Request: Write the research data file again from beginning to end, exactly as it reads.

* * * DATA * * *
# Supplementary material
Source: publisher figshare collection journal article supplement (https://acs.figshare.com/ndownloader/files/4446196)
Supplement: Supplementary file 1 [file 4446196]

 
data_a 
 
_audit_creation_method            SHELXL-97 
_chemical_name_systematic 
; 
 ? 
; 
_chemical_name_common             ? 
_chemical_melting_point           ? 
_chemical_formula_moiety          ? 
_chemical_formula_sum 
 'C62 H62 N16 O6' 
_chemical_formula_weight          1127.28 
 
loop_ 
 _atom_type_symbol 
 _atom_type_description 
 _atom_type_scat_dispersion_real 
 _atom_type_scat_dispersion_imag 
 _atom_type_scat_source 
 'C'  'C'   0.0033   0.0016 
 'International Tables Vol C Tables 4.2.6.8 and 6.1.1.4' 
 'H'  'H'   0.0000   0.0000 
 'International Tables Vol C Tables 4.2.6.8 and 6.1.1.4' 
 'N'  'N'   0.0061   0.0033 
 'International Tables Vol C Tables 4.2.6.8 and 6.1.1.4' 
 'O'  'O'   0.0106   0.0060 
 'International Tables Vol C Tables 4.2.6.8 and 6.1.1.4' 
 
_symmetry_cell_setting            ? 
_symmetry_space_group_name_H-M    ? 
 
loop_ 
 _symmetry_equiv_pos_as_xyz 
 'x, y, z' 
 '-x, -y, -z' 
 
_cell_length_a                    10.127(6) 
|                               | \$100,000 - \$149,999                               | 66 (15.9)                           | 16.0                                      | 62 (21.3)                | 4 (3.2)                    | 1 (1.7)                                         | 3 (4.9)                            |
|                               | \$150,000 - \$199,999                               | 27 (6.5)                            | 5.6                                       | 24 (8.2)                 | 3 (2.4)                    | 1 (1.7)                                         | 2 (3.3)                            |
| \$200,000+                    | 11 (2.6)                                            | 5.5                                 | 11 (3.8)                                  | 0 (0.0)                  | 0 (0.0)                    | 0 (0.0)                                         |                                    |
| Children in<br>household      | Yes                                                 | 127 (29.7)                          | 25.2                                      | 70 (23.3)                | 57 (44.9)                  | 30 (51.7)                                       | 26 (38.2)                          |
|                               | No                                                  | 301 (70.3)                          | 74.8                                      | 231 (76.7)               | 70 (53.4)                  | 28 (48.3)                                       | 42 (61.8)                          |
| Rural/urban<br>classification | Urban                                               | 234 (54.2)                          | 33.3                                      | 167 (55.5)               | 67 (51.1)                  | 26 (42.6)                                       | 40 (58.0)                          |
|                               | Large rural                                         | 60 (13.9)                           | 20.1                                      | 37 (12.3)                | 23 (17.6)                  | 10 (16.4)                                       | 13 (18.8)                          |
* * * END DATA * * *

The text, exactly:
# Supplementary material
Source: publisher figshare collection journal article supplement (https://acs.figshare.com/ndownloader/files/4446196)
Supplement: Supplementary file 1 [file 4446196]

 
data_a 
 
_audit_creation_method            SHELXL-97 
_chemical_name_systematic 
; 
 ? 
; 
_chemical_name_common             ? 
_chemical_melting_point           ? 
_chemical_formula_moiety          ? 
_chemical_formula_sum 
 'C62 H62 N16 O6' 
_chemical_formula_weight          1127.28 
 
loop_ 
 _atom_type_symbol 
 _atom_type_description 
 _atom_type_scat_dispersion_real 
 _atom_type_scat_dispersion_imag 
 _atom_type_scat_source 
 'C'  'C'   0.0033   0.0016 
 'International Tables Vol C Tables 4.2.6.8 and 6.1.1.4' 
 'H'  'H'   0.0000   0.0000 
 'International Tables Vol C Tables 4.2.6.8 and 6.1.1.4' 
 'N'  'N'   0.0061   0.0033 
 'International Tables Vol C Tables 4.2.6.8 and 6.1.1.4' 
 'O'  'O'   0.0106   0.0060 
 'International Tables Vol C Tables 4.2.6.8 and 6.1.1.4' 
 
_symmetry_cell_setting            ? 
_symmetry_space_group_name_H-M    ? 
 
loop_ 
 _symmetry_equiv_pos_as_xyz 
 'x, y, z' 
 '-x, -y, -z' 
 
_cell_length_a                    10.127(6) 
|                               | \$100,000 - \$149,999                               | 66 (15.9)                           | 16.0                                      | 62 (21.3)                | 4 (3.2)                    | 1 (1.7)                                         | 3 (4.9)                            |
|                               | \$150,000 - \$199,999                               | 27 (6.5)                            | 5.6                                       | 24 (8.2)                 | 3 (2.4)                    | 1 (1.7)                                         | 2 (3.3)                            |
| \$200,000+                    | 11 (2.6)                                            | 5.5                                 | 11 (3.8)                                  | 0 (0.0)                  | 0 (0.0)                    | 0 (0.0)                                         |                                    |
| Children in<br>household      | Yes                                                 | 127 (29.7)                          | 25.2                                      | 70 (23.3)                | 57 (44.9)                  | 30 (51.7)                                       | 26 (38.2)                          |
|                               | No                                                  | 301 (70.3)                          | 74.8                                      | 231 (76.7)               | 70 (53.4)                  | 28 (48.3)                                       | 42 (61.8)                          |
| Rural/urban<br>classification | Urban                                               | 234 (54.2)                          | 33.3                                      | 167 (55.5)               | 67 (51.1)                  | 26 (42.6)                                       | 40 (58.0)                          |
|                               | Large rural                                         | 60 (13.9)                           | 20.1                                      | 37 (12.3)                | 23 (17.6)                  | 10 (16.4)                                       | 13 (18.8)                          |